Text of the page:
The Galápagos Islands, a land untouched
On the last night of our trip, we spent a night in the town of Puerto Baquerizo Moreno on San Cristobal Island, the capital of the Galápagos Islands. In the small town of 5,000 people, crowds flocked to the open-air bars, pick-up trucks ambled slowly down the main strip and children clamoured over a swing set, just steps from the beach. If it were not for the loud sneezes, snores and barks – it would have been a completely peaceful night. Because for every one person out in the harbour, there were at least two sea lions commanding a spot on the shore.
In the wild, we had only seen 10 to 20 sea lions together at one time, but in town, hundreds covered every centimetre of the beach along Shipwreck Bay. They lounged in the shallows beneath a waterslide clearly meant for children and they dominated the wooden boardwalk and stone piers, staking a claim on the best seaside property on the strip. We sat for a bit watching the kids playing in the park, and a young boy playing with a red ball caught my eye. He passed it back and forth with a friend, kicking it along the playground sand, until he missed it and it rolled right to the base of a park bench, where two 4ft sea lions were lounging. The little boy ran to the bench without hesitation, grabbed the ball and the sea lion barely stirred. Neither feared the other and both felt at home.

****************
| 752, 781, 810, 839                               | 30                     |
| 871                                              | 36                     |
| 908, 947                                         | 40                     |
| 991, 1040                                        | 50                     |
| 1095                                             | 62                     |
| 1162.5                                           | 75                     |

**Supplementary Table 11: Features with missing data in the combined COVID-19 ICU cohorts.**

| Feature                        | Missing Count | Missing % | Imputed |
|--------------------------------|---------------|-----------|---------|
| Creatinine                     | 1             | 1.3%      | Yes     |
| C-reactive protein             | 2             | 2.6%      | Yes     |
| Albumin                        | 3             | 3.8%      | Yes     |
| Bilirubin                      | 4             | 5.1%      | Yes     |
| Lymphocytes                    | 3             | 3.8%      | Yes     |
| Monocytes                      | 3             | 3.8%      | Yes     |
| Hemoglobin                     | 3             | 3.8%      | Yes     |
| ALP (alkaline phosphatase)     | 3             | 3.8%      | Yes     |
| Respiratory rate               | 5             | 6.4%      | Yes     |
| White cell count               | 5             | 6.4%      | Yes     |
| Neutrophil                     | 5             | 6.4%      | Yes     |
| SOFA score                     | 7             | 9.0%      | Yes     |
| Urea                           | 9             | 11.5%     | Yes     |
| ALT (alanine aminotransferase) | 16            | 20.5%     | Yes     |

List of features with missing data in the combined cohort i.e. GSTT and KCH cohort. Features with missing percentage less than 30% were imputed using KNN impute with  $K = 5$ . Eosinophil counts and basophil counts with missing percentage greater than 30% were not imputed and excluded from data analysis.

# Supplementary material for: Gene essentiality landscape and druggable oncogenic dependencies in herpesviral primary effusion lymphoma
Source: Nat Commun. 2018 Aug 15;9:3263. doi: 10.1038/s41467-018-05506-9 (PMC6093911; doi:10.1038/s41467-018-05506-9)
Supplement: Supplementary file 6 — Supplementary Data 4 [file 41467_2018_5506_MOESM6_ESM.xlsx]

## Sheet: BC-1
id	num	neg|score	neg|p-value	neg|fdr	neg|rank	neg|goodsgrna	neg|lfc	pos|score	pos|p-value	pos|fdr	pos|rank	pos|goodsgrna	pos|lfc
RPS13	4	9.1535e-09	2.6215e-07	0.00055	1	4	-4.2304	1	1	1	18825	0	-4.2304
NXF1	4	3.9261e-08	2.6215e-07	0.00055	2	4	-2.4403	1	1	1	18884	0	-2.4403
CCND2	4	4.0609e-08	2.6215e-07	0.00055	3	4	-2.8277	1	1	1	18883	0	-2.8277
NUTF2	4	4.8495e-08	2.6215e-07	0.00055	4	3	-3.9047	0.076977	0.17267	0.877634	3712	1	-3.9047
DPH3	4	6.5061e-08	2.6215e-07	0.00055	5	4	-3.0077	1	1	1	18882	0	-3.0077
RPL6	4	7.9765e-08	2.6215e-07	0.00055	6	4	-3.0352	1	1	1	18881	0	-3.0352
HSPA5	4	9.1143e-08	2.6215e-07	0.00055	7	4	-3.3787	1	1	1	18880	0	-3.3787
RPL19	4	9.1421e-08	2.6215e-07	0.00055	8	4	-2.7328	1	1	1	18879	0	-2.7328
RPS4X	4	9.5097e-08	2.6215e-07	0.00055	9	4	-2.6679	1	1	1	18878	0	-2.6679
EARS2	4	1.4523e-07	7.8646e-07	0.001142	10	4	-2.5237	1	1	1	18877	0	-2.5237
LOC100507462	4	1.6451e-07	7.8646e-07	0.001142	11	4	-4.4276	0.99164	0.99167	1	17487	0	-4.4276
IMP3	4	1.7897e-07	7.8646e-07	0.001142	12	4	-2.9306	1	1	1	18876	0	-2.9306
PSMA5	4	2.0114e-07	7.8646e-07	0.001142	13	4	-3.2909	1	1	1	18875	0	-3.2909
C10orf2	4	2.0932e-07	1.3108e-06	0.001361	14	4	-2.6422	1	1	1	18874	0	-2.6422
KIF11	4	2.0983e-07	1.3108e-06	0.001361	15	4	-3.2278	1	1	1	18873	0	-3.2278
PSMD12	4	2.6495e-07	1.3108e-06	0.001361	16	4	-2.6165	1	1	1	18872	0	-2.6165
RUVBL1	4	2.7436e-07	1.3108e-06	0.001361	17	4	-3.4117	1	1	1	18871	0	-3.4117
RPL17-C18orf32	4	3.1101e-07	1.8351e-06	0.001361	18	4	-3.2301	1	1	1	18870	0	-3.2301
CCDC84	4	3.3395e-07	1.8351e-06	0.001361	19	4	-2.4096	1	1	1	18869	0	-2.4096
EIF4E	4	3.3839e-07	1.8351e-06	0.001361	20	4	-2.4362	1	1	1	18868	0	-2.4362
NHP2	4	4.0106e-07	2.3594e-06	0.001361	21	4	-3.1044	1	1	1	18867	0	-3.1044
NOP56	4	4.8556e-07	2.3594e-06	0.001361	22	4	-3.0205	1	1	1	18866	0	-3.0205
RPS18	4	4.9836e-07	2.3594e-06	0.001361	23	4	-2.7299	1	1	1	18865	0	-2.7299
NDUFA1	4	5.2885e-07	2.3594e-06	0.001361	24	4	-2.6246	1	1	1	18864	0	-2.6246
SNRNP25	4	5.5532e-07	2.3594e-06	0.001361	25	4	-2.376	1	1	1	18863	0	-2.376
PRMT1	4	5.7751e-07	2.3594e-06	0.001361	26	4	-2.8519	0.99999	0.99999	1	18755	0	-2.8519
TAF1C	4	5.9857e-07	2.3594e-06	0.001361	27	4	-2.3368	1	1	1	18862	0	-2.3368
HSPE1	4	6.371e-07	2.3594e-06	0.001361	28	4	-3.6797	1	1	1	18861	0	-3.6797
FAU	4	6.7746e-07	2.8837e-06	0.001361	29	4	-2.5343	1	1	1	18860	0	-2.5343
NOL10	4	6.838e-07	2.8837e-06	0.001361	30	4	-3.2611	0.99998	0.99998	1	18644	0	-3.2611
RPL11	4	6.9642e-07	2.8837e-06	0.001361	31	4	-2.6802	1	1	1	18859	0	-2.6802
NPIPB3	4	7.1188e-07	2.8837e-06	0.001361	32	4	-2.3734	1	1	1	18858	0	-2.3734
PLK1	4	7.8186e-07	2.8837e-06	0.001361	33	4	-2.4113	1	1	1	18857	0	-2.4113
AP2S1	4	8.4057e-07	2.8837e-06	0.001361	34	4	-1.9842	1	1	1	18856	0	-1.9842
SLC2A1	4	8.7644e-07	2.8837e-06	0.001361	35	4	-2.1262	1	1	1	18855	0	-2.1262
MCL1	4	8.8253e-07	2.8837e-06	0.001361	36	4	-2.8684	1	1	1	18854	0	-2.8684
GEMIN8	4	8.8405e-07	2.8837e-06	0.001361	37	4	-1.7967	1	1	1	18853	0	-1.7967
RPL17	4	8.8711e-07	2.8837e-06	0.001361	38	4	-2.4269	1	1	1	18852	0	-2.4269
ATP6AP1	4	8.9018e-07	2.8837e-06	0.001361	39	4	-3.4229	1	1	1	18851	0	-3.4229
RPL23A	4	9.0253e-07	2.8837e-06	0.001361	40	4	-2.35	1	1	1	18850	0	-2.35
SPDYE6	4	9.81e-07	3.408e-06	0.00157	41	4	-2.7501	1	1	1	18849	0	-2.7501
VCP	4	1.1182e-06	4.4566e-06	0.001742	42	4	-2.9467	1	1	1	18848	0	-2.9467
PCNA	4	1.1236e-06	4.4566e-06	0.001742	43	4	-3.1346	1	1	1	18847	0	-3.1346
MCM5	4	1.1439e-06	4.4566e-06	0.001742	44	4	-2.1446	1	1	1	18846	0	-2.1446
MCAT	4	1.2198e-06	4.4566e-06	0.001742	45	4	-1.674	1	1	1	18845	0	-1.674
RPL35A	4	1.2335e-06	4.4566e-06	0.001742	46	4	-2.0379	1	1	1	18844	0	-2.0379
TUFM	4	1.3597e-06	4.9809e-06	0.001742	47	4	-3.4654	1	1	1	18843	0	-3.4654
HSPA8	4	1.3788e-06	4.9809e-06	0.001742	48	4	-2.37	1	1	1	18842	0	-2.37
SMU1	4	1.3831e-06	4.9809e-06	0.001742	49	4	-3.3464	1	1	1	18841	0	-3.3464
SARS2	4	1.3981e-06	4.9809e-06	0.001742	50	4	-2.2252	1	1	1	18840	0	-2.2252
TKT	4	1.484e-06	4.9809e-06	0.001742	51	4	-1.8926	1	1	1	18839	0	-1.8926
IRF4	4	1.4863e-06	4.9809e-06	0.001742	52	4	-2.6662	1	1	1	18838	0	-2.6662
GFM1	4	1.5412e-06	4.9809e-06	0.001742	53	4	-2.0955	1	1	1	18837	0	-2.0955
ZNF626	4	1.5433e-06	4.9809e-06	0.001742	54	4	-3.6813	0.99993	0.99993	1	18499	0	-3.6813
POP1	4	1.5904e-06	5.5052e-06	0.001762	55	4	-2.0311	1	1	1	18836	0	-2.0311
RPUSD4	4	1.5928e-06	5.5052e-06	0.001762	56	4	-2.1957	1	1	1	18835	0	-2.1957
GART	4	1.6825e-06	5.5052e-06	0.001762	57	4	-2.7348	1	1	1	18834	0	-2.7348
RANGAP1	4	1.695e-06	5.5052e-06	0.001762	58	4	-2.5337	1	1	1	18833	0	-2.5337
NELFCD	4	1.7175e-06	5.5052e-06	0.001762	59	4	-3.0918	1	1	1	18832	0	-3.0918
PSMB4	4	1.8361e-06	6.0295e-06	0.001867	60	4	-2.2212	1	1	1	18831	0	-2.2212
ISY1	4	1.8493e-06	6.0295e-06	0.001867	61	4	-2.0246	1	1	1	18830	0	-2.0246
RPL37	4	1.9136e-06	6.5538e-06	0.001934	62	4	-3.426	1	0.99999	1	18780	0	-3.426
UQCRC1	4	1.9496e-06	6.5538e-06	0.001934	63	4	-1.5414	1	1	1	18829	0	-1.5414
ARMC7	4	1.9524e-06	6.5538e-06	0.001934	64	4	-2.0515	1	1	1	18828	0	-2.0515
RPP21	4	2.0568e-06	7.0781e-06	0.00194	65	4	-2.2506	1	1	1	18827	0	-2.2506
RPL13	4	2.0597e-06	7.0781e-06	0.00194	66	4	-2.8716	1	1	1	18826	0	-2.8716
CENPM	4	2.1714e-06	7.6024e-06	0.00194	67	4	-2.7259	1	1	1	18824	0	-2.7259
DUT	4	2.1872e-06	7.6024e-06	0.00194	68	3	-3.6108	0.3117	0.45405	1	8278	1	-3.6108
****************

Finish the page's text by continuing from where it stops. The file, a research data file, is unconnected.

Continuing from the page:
Of course, when we tried to gingerly walk past, the sea lion happily reminded us that this was his bench, as he rose up aggressively and began a bark that seemed to set off every other previously-slumbering sea lion. Clearly, even in the capital city, animals have the right of way and most of the humans are just visiting.